road-ahead Reduce noise to make better decisions

Use this process to reduce the noise that creates radically different judgments in group collaboration.

Noise reduction strategies are like washing your hands before eating a sandwich. You may not know what germs you're killing, but you know it improves your health. This decision-making error prevention is often thankless, as it can't be observed. Noise reduction are measures that prevent unwanted things or events from happening, but you don't know if it was the preventive measures, or something else, that caused the judgment impacting noise. Noise is an invisible enemy, and therefore a victory against it is also invisible.

What you have to do is a cost-benefit analysis. If washing your hands is extremely easy with soap and clean water, and not washing your hands will get you killed, the benefit of washing your hands is greater than the cost. For all decision hygiene projects, this analysis must be done to confirm its need and convince every one of its importance. In other cases, where the effort is great and the benefits little, it might be best to just tolerate a certain level of noise.

Principles of decision hygiene to improve collaboration

According to the book Noise: A Flaw in Human Judgment by Daniel Kahneman, Olivier Sibony and Cass R. Sunstein, there are six decision hygiene principles:

  1. The goal of judgment is accuracy, not individual expression or tastes.
  2. You must think statistically, make comparisons and take an outside, comparing view.
  3. Structure and break down judgments into several independent components.
  4. Resist premature overall intuitions. Kahneman says judgments should be a 2-step process. First, individually and independently make judgments on all components. Then, second, combine all components for the final overall judgment, not a quick 1-step process.
  5. Obtain independent judgments from multiple judges, then consider aggregating those judgments.
  6. Find comparisons to evaluate against (one thing over another thing) and develop relationship scales (framing range).

One way to improve decision hygiene and reduce the chance of noise and bias is to sequence the introduction of information. While collaborating, information should be provided when it is immediately needed. If it is delivered too early, it could create noise/biases, be distracting or be irrelevant. This is called "linear sequential unmasking."

Irrelevant information could be considered "noise" if it adversely impacts good judgment." Kahneman writes that "bias" pushes a judgment in only one direction away from the ideal, not in any direction like noise. Rules, standards, guidelines, formulas, and algorithms can reduce noise and judgment errors. These rules, formulas, and algorithms are not noisy and could be superior in accuracy. Here, unbiased software developers can be very helpful.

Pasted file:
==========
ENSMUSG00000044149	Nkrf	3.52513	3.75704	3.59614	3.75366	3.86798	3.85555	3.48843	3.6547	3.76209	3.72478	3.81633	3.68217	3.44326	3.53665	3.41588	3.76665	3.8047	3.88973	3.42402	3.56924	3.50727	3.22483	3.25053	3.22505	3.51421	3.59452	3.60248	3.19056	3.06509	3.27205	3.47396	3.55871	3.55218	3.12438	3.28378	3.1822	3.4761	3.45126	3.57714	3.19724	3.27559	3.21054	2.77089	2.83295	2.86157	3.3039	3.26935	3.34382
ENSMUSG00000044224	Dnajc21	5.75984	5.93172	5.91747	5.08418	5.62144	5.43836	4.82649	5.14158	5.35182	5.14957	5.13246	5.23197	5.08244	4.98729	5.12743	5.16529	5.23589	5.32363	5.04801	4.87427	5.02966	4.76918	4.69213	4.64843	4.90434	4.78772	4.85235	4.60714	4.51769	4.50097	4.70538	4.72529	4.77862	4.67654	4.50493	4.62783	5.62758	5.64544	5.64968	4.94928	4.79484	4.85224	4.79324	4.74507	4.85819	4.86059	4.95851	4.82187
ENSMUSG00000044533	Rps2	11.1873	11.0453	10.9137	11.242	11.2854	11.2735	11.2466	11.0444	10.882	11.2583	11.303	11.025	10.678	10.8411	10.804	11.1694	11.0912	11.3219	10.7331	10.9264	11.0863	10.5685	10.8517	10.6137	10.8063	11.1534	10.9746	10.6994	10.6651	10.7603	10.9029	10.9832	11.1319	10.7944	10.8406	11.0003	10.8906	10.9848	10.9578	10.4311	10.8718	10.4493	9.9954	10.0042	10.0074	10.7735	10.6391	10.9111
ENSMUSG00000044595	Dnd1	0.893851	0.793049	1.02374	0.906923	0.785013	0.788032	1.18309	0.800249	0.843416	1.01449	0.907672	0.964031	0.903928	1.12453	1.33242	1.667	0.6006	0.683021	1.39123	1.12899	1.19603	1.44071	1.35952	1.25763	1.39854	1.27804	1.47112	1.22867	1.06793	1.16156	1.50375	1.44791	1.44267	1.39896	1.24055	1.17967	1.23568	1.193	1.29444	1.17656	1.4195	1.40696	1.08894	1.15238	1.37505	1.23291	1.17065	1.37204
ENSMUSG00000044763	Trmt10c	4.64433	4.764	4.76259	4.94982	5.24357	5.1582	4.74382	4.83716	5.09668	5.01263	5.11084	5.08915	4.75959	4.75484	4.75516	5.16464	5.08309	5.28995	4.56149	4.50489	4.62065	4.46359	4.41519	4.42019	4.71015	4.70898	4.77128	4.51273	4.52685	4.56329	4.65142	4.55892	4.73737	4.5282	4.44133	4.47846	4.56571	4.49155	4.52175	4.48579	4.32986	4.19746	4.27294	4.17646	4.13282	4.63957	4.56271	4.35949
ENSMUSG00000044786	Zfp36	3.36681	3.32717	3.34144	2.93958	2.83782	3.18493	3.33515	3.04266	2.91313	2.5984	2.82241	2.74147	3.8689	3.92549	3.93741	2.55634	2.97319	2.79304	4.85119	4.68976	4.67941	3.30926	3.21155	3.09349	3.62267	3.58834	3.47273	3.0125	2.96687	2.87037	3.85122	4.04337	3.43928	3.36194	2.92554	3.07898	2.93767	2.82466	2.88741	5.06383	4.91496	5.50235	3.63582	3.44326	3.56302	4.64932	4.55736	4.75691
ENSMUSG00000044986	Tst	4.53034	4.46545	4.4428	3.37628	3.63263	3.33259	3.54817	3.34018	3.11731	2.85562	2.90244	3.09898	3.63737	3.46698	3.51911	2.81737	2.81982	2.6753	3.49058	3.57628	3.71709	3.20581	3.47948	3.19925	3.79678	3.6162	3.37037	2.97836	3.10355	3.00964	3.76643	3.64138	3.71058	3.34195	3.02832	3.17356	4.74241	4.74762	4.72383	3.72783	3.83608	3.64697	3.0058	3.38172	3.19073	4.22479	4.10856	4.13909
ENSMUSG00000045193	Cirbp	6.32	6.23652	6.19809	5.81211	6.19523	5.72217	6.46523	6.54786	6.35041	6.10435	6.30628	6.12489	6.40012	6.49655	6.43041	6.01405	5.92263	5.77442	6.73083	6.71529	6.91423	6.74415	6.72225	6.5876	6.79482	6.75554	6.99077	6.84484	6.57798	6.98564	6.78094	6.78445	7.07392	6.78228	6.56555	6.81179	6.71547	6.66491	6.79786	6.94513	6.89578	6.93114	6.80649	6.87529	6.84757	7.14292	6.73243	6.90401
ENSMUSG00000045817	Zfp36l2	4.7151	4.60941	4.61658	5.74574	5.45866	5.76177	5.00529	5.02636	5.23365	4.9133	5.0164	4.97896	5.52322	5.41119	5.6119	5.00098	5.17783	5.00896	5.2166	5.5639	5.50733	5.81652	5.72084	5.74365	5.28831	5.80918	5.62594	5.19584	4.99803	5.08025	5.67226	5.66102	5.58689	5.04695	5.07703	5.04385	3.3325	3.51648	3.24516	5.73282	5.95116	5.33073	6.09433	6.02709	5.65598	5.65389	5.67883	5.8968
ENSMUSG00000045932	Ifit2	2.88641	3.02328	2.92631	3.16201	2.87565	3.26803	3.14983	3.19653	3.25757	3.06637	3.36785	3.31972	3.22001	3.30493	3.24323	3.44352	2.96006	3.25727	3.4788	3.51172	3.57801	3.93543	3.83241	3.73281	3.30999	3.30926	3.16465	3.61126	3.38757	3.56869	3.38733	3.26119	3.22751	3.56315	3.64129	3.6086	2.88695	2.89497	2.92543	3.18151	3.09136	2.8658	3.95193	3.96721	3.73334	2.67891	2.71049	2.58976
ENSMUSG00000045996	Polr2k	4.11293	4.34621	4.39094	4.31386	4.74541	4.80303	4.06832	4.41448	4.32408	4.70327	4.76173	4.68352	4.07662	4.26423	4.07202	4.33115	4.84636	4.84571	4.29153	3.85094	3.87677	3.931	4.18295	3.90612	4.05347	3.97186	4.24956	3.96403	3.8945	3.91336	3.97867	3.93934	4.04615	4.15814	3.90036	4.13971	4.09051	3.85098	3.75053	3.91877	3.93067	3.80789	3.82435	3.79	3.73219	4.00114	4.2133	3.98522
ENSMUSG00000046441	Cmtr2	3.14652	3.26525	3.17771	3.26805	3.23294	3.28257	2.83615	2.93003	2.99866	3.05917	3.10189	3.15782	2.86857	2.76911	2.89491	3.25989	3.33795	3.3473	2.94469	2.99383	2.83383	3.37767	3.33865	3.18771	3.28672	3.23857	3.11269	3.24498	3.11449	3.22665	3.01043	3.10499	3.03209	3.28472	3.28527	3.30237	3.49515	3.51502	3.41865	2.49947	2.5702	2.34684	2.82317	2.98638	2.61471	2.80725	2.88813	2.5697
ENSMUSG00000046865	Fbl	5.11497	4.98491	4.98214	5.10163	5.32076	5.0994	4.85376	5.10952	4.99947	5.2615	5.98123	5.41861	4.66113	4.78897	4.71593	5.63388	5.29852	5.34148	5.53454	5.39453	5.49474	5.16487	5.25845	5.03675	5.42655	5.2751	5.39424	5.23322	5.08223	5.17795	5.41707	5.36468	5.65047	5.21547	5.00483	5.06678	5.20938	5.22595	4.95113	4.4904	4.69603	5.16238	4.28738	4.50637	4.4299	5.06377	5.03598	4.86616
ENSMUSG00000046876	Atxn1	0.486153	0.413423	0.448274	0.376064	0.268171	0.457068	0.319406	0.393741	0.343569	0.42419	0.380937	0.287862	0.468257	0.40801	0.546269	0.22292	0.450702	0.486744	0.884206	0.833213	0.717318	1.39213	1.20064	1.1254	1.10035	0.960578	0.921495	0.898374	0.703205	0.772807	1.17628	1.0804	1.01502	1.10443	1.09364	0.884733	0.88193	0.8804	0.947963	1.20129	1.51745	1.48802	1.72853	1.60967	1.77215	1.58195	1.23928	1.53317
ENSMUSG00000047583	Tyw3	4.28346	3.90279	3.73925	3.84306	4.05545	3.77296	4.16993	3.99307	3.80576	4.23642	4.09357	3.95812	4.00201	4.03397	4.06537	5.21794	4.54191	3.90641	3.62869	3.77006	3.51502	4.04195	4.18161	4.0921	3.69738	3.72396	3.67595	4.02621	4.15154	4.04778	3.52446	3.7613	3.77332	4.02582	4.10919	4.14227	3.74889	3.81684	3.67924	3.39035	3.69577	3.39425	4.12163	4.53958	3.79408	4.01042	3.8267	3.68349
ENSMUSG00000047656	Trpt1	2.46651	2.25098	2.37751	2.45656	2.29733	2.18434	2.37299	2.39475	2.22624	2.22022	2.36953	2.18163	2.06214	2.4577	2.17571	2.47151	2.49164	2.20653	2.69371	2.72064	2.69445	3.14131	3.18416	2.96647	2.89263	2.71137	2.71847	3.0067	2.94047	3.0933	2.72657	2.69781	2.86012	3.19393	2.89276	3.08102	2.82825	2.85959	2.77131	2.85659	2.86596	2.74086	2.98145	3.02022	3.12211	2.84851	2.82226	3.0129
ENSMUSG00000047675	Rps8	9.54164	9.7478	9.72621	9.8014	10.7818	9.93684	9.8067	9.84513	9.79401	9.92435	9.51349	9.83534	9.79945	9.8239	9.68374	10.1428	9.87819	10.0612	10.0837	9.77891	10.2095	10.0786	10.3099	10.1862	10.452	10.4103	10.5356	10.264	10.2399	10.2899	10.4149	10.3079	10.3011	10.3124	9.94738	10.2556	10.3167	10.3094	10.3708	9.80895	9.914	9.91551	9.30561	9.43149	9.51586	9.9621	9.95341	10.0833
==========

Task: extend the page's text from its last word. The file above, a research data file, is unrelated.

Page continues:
Think of the error chance difference between paying a machine cashier or a human when buying something in the store. Which has the higher chance of not giving you the correct change? Wherever there is human judgment, there is noise. If machines make the judgment, there is no noise, but totally relying on heartless computers may not be appropriate or welcomed. Furthermore, machines can obtain more information faster than humans. Considering this, we need to find a balance.

Sometimes, using a detailed checklist of factors impacting any judgment is helpful. After going through the list and considering those factors, better judgments can be made.

In other cases, general guidelines (which are more flexible than firm rules) can help reduce noise. Measuring scales, and comparisons, can also improve judgment. For example, structured, scripted job interview guidelines are always more reliable than unstructured, free speaking ones.

Complexity breakdown

In complex judgments, breaking the issues down into component parts, tasks and assignments can reduce wild variation in judgment. Those components can be evaluated separately, weighted and finally combined.

First word impact

The book Noise: A Flaw in Human Judgment calls this "anchoring" which reduces the chance of highly diverse judgments. The first word in a list becomes the anchor, which we have to fight to avoid putting extra weight on. We must apply critical thinking to this sequencing impact.

Consider this example list of words, "unprincipled," "cunning," "persistent," and "intelligent." Jumping to conclusions, we tend to anchor to the first word and give an overall negative judgment. If the words were instead ordered "intelligent," "persistent," "cunning," and "unprincipled," we might give a more favorable judgment.

Also, we should find quality comparisons (or anchors) to value against. Words like "best," "quality," and "good" could all carry different meanings to team members, but those words are more understandable when compared to something specific.